She moved in with her mother and stepfather and started helping her mom around the house, trying to keep busy so she wouldn’t be tempted to return to her former addictions. “It was a struggle to get through,” she admits, but she was determined not to go back.
When a counselor at the state labor department’s Division of Vocational Rehabilitation referred her to Goodwill for training, she was surprised. “I thought Goodwill was just a store,” she says.
For most people, Goodwill is just a store. The Wilmington center oversees 17 retail outlets in Delaware and Delaware County, Pa., where donated items are sold to the public at bargain prices. But, like Goodwills across the country, the local center offers job skills training and networks with potential employers.
Reese enrolled in a 17-week computer training program. Instructor Kristin Strouss-Peyton remembers her as a “very shy,” quiet student. Reese hardly talked and rarely looked up. But, “she was very motivated and she did very well in class,” Strouss-Peyton says. “I don’t think I had a doubt that she would succeed, but I thought it would be a long road.”
Reese hadn’t worked in nearly five years, her skills needed updating, and she was still questioning whether she had made the right choice. “I didn’t feel I was ready for a job yet,” she says. “Because of my age, I was surprised I did so well. By the end of the class I was able to believe in myself more.”
Sharing a home with her parents and her mentally challenged brother, she worked on staying clear of her former dependencies and tried to be a mother to her children. Her relationship with her older son had deteriorated during the years before she sought help, and she is still working to rebuild it, she says.
As part of the course, Reese interned at the front desk under Fleck’s supervision. After a couple of days, getting to know Fleck and feeling more comfortable, “she opened up,” Fleck says. Because of her good computer skills, staff were soon asking her to do jobs for them. And, from then on, if someone was needed to cover the reception desk, she was the first choice.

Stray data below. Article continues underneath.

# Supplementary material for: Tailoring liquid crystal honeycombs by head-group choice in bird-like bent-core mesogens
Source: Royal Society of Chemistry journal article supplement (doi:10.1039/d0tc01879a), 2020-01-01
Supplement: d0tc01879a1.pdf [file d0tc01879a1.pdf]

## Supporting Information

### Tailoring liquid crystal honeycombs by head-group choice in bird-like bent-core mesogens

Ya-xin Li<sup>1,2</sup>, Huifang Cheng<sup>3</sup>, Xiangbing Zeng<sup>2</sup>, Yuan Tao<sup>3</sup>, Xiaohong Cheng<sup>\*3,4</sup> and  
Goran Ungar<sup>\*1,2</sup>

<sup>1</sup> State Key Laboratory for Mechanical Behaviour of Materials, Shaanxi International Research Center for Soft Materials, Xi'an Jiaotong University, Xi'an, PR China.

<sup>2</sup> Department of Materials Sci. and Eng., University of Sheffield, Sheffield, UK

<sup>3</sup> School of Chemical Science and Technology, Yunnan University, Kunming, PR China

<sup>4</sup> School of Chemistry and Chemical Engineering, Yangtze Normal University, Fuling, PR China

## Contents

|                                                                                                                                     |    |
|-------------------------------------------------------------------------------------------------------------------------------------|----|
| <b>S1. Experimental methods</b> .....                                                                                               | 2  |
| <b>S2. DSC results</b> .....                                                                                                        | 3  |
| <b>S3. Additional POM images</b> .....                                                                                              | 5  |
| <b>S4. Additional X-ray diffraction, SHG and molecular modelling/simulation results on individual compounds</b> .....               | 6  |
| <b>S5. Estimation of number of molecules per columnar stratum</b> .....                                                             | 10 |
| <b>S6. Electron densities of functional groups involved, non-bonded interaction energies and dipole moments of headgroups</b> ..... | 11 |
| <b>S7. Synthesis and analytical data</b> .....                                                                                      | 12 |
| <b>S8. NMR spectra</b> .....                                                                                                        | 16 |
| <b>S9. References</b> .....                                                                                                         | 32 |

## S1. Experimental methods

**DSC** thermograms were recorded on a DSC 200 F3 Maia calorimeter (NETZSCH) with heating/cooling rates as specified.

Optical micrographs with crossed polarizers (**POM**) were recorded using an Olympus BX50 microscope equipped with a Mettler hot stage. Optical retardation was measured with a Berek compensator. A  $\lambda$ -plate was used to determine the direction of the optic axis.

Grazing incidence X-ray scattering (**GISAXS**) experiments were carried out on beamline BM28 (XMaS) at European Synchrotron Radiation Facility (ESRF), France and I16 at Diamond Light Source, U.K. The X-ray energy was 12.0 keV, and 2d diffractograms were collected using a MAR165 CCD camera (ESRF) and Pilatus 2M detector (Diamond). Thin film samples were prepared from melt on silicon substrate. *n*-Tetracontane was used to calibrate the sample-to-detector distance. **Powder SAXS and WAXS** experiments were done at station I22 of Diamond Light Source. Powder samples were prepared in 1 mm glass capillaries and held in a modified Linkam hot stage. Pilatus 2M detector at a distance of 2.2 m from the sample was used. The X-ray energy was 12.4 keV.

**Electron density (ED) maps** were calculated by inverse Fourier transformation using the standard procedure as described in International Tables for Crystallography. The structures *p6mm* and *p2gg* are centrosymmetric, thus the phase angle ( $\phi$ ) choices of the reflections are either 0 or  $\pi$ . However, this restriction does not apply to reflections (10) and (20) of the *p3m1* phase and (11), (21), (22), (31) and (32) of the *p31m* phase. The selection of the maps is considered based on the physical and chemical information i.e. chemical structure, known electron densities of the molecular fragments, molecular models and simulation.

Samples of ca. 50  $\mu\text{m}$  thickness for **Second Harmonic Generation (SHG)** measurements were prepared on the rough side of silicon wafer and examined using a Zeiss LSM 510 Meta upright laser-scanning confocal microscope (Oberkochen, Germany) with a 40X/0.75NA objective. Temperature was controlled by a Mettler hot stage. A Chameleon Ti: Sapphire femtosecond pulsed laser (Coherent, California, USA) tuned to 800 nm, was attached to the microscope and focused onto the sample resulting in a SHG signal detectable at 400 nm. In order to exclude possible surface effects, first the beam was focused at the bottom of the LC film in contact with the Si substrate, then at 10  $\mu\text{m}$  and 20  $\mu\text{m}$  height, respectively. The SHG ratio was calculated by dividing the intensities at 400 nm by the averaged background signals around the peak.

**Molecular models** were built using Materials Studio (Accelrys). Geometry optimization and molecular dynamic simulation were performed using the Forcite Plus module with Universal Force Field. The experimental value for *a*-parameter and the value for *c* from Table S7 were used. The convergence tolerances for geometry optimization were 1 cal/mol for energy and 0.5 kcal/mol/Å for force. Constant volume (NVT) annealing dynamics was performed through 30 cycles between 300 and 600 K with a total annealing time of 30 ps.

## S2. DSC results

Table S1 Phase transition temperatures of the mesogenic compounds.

When the receptionist position opened up, it was no surprise that everyone was hoping it would go to Reese. “She’s awesome,” says Strouss-Peyton. “Listening to her answer the phone and say, ‘It’s a great day at Goodwill,’—the sunshine in her voice is just incredible. It’s so inviting.” Reese has been proactive in her job, assuming more responsibilities and creating aids that make it easier for others to take over when she’s absent.
Reese’s achievement award came in the wake of losing her mother to cancer. “She was the force behind me,” Reese says. Her mother offered encouragement and drove her to and from training sessions every day. Her mother knew about the award before she passed in April, several weeks before the ceremony. It was difficult for Reese, but, she says, “Goodwill was there for me.”
Reese’s acceptance speech and the short video Goodwill produced about her life brought some in the audience of 600 close to tears. A few individuals thanked her afterward for giving them hope for family members with similar challenges.
“I didn’t think I would be that much of an inspiration,” Reese admits. “I still feel a little uncomfortable telling people, but if it helps someone, I feel better about it.”
Lisa Hartsky, Reese’s counselor at the Division of Vocational Rehabilitation, who attended the award ceremony and was interviewed for the video, attributes Reese’s success to her strong desire to change.
“You’ve got to want it and you’ve got to be motivated,” she says. And Reese “got the support she needed to make it happen. I’m proud of her achievement.”
For someone who has had many dark days, the sunshine in Reese’s phone greeting comes naturally. “I’m happy to come to work,” she says. “I love working here at Goodwill. I watch people come through and I feel really good that we help them.”
And whether visitors to the Goodwill Center are aware or not, Reese is proof that, with motivation, the right help can change a life.